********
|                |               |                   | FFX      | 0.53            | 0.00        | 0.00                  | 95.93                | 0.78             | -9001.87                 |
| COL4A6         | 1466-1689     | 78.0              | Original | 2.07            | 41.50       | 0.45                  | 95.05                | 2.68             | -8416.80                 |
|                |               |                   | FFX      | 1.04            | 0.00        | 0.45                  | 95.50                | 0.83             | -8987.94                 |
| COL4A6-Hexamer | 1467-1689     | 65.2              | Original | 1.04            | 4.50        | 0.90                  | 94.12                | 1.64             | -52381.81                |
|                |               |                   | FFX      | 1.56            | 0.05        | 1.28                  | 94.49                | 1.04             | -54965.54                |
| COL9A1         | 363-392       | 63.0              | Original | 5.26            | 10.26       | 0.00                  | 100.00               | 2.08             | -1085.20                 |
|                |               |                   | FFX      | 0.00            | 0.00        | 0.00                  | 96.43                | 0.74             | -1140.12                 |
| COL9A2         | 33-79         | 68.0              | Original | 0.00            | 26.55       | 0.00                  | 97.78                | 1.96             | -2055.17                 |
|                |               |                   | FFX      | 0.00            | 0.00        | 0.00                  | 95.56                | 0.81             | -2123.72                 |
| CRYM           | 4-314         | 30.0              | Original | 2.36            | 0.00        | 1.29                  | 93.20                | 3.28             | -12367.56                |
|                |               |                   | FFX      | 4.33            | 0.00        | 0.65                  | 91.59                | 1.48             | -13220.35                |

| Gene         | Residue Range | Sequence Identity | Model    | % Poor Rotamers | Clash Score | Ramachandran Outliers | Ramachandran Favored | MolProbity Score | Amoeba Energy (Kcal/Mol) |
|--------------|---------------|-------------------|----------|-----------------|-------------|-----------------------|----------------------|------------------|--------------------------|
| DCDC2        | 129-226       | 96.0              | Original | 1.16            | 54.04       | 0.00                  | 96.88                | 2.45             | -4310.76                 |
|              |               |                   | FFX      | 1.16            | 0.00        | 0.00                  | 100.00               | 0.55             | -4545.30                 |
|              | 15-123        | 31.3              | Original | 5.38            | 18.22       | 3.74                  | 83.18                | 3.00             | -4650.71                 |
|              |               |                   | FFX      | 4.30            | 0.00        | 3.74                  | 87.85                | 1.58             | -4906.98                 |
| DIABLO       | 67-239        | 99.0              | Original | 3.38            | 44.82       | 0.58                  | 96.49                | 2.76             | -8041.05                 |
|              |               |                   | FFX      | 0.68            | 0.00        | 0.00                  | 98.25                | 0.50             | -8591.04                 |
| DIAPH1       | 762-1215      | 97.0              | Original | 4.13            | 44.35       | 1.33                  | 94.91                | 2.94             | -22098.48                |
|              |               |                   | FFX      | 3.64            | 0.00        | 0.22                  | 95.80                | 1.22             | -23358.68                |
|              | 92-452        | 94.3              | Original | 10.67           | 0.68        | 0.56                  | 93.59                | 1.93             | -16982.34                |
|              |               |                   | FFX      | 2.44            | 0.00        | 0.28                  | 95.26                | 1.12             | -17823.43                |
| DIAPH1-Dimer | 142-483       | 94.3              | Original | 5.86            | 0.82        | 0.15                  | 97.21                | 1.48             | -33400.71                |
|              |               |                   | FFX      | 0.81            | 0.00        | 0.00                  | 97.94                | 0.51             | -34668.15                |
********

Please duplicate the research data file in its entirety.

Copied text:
|                |               |                   | FFX      | 0.53            | 0.00        | 0.00                  | 95.93                | 0.78             | -9001.87                 |
| COL4A6         | 1466-1689     | 78.0              | Original | 2.07            | 41.50       | 0.45                  | 95.05                | 2.68             | -8416.80                 |
|                |               |                   | FFX      | 1.04            | 0.00        | 0.45                  | 95.50                | 0.83             | -8987.94                 |
| COL4A6-Hexamer | 1467-1689     | 65.2              | Original | 1.04            | 4.50        | 0.90                  | 94.12                | 1.64             | -52381.81                |
|                |               |                   | FFX      | 1.56            | 0.05        | 1.28                  | 94.49                | 1.04             | -54965.54                |
| COL9A1         | 363-392       | 63.0              | Original | 5.26            | 10.26       | 0.00                  | 100.00               | 2.08             | -1085.20                 |
|                |               |                   | FFX      | 0.00            | 0.00        | 0.00                  | 96.43                | 0.74             | -1140.12                 |
| COL9A2         | 33-79         | 68.0              | Original | 0.00            | 26.55       | 0.00                  | 97.78                | 1.96             | -2055.17                 |
|                |               |                   | FFX      | 0.00            | 0.00        | 0.00                  | 95.56                | 0.81             | -2123.72                 |
| CRYM           | 4-314         | 30.0              | Original | 2.36            | 0.00        | 1.29                  | 93.20                | 3.28             | -12367.56                |
|                |               |                   | FFX      | 4.33            | 0.00        | 0.65                  | 91.59                | 1.48             | -13220.35                |

| Gene         | Residue Range | Sequence Identity | Model    | % Poor Rotamers | Clash Score | Ramachandran Outliers | Ramachandran Favored | MolProbity Score | Amoeba Energy (Kcal/Mol) |
|--------------|---------------|-------------------|----------|-----------------|-------------|-----------------------|----------------------|------------------|--------------------------|
| DCDC2        | 129-226       | 96.0              | Original | 1.16            | 54.04       | 0.00                  | 96.88                | 2.45             | -4310.76                 |
|              |               |                   | FFX      | 1.16            | 0.00        | 0.00                  | 100.00               | 0.55             | -4545.30                 |
|              | 15-123        | 31.3              | Original | 5.38            | 18.22       | 3.74                  | 83.18                | 3.00             | -4650.71                 |
|              |               |                   | FFX      | 4.30            | 0.00        | 3.74                  | 87.85                | 1.58             | -4906.98                 |
| DIABLO       | 67-239        | 99.0              | Original | 3.38            | 44.82       | 0.58                  | 96.49                | 2.76             | -8041.05                 |
|              |               |                   | FFX      | 0.68            | 0.00        | 0.00                  | 98.25                | 0.50             | -8591.04                 |
| DIAPH1       | 762-1215      | 97.0              | Original | 4.13            | 44.35       | 1.33                  | 94.91                | 2.94             | -22098.48                |
|              |               |                   | FFX      | 3.64            | 0.00        | 0.22                  | 95.80                | 1.22             | -23358.68                |
|              | 92-452        | 94.3              | Original | 10.67           | 0.68        | 0.56                  | 93.59                | 1.93             | -16982.34                |
|              |               |                   | FFX      | 2.44            | 0.00        | 0.28                  | 95.26                | 1.12             | -17823.43                |
| DIAPH1-Dimer | 142-483       | 94.3              | Original | 5.86            | 0.82        | 0.15                  | 97.21                | 1.48             | -33400.71                |
|              |               |                   | FFX      | 0.81            | 0.00        | 0.00                  | 97.94                | 0.51             | -34668.15                |